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juergfeldmann

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 #16 
Here an add on what we see in practical applications.
 In  mitochondrial myopathy patients we see an incredible increase in blood vessels despite the fact that  the  target   cell is not working. This indicates a  stimulation of  blood vessels  buildups    from other reasons  than hypoxia. This leads us  back to  some great  studies  from Schoen et all, where they had additional stimuli  than hypoxia  which  can lead to angiogenesis.

Now   I had  2  myopathy clients  where I did  NIRS  and it is  interesting, that we have a great tHb reaction but a minimal  to no explainable   SmO2  level  which  did not changed  at all or  minimal  despite the fact , that the client had  to give  up  the motion. No  if we  to excessive pliometric  workouts  we have  for a few  days a similar  NIRS picture  which than moves  back to " normal" . This can be used in strength  workouts  to plan  load  and recovery  very nicely.
CraigMahony

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 #17 
Juerg, I am trying to understand what you are saying here. 

Now   I had  2  myopathy clients  where I did  NIRS  and it is  interesting, that we have a great tHb reaction but a minimal  to no explainable   SmO2  level  which  did not changed  at all or  minimal  despite the fact , that the client had  to give  up  the motion. No  if we  to excessive pliometric  workouts  we have  for a few  days a similar  NIRS picture  which than moves  back to " normal" . This can be used in strength  workouts  to plan  load  and recovery  very nicely.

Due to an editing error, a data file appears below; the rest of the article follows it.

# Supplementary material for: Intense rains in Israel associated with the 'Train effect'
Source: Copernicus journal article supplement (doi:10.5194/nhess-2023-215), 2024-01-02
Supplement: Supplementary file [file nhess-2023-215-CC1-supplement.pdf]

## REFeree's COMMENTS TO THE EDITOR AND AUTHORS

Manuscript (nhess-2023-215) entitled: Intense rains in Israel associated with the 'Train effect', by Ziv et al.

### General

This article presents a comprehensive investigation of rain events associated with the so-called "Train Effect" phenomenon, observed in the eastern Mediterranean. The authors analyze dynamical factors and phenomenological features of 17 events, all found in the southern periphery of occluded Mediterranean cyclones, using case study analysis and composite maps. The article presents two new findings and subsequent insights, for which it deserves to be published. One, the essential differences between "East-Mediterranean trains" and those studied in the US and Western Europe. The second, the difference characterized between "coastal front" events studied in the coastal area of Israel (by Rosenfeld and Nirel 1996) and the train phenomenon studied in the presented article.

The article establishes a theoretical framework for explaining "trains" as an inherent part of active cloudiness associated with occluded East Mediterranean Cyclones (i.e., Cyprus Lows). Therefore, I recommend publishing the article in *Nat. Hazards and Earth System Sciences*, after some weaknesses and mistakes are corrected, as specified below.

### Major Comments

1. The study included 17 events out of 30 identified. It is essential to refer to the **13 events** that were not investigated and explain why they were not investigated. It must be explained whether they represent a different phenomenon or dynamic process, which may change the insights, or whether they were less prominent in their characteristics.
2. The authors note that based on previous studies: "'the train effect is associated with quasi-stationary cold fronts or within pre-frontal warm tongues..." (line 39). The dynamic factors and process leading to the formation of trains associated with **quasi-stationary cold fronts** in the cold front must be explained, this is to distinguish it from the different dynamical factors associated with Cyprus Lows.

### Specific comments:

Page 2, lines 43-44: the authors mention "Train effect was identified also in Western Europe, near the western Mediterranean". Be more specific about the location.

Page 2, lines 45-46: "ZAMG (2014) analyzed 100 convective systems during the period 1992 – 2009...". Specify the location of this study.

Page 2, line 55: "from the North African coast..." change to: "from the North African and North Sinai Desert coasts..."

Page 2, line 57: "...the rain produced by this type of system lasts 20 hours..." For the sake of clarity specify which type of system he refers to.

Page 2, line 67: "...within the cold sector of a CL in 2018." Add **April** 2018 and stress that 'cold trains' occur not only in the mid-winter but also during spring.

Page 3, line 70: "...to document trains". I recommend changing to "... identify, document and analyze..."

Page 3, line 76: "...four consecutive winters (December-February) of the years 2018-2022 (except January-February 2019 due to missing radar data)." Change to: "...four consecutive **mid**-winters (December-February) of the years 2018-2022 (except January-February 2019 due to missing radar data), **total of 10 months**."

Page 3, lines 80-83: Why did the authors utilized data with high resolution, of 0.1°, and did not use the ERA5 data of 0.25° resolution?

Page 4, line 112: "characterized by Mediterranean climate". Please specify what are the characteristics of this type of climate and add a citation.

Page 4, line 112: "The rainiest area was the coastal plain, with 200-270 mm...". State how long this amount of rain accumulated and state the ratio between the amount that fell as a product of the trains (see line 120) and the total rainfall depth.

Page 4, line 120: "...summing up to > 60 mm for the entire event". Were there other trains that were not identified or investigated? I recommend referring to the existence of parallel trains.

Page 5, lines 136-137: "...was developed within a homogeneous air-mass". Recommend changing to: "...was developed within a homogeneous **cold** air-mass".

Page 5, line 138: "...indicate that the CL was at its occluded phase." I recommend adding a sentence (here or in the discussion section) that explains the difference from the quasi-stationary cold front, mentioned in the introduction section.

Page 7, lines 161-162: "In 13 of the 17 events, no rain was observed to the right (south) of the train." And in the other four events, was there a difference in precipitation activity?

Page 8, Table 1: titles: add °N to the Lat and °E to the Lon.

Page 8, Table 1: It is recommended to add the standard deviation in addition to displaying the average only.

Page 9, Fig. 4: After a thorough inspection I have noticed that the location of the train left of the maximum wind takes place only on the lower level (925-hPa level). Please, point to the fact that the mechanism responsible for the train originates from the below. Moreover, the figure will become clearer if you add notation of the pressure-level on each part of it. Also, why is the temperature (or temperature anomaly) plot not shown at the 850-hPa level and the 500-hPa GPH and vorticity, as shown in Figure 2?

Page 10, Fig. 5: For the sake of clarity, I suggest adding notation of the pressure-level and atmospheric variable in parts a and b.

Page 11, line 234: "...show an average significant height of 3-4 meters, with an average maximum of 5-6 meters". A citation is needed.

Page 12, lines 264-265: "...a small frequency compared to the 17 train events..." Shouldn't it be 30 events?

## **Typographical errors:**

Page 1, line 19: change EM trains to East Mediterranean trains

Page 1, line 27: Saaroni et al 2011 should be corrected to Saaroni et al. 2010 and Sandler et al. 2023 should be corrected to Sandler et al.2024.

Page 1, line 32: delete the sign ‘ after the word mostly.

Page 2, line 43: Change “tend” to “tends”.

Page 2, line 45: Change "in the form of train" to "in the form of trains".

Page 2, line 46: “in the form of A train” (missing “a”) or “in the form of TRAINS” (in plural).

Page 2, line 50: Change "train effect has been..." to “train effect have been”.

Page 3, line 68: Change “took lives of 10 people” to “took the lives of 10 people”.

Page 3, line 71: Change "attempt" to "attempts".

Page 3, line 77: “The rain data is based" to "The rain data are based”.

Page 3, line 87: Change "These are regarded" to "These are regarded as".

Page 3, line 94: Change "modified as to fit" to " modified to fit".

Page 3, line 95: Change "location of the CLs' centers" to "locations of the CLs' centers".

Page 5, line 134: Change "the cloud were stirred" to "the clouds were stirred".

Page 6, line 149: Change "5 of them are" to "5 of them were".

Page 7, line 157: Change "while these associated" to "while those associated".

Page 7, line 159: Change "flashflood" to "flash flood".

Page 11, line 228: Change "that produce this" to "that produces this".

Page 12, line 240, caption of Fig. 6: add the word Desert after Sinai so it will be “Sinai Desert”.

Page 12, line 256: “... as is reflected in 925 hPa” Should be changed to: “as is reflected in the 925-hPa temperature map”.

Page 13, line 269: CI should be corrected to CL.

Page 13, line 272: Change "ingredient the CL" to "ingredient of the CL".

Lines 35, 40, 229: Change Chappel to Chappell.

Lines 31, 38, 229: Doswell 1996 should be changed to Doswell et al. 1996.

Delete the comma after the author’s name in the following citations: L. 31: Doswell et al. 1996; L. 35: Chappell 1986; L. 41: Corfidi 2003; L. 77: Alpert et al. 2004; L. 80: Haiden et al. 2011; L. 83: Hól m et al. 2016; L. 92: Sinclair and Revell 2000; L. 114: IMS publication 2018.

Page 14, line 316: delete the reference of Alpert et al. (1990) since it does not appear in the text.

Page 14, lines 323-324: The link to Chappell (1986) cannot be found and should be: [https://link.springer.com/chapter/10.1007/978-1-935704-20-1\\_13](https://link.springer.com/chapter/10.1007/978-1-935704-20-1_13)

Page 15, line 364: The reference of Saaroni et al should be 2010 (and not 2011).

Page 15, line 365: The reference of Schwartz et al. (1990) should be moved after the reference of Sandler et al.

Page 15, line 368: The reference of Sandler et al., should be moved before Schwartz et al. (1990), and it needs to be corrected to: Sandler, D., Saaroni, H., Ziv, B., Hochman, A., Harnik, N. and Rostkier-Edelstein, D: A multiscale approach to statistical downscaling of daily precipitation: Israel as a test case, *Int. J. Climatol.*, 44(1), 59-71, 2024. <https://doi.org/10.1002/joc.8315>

So your clients were working muscularly and tHb (muscle compression, muscle pump, etc) reacted but SmO2 did not? If this is so it implies no or little use of O2, yet there was an energy demand. It sounds like it was close to being fully anaerobic, but as has been explained in this forum, the aerobic system supplies energy quickly.  So I am not understanding something here. Could please please explain it again? Can you also indicate further how this applies to pliometric (plyometric is the same?) workouts?
Kirill

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 #18 
"This indicates a  stimulation of  blood vessels  buildups    from other reasons  than hypoxia"

I read ~500+ articles about capillarisation build.

ROS activate VEGF. Mitomiopathy generate ROS

This is an example, in so factors dozens, dozens of nutritional factors. Even mechanical squeezing stimulates the growth of capillaries and their strength, as an example in the practice of weightlifting, bruises on the hip from the impacts of the rod bar are no longer appearing.

If we look at rats without myoglobin, they live and run along the path. This is like an extreme case for the evaluation of the link. Suppression of capillaries through VEGF (- / +) animals can not practically overcome, they can not completely compensate.

My total opinion - higher levels of myoglobin and capillaries are useful, but they do not say anything about the level of the athlete. To show the result you must have developed all the mechanisms at the same time, and the irony is that some can be grotesquely developed, for example 1 per 100 people can have an oxygen delivery of 8-10 liters, and consumption is only 3-4 liters.

Example of superdelivery - Chris Froome tests, 580 watts at hr 160. If extrapolate - 9 liters delivery!
juergfeldmann

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 #19 

This indicates a  stimulation of  blood vessels  buildups    from other reasons  than hypoxia"

Thanks Kirill for your great feedbakcs  and  here   you can use Kirils  summary  of my short but incomplete feedback on blood vessels stimulation and the many different reasons  where this  can happen

My total opinion - higher levels of myoglobin and capillaries are useful, but they do not say anything about the level of the athlete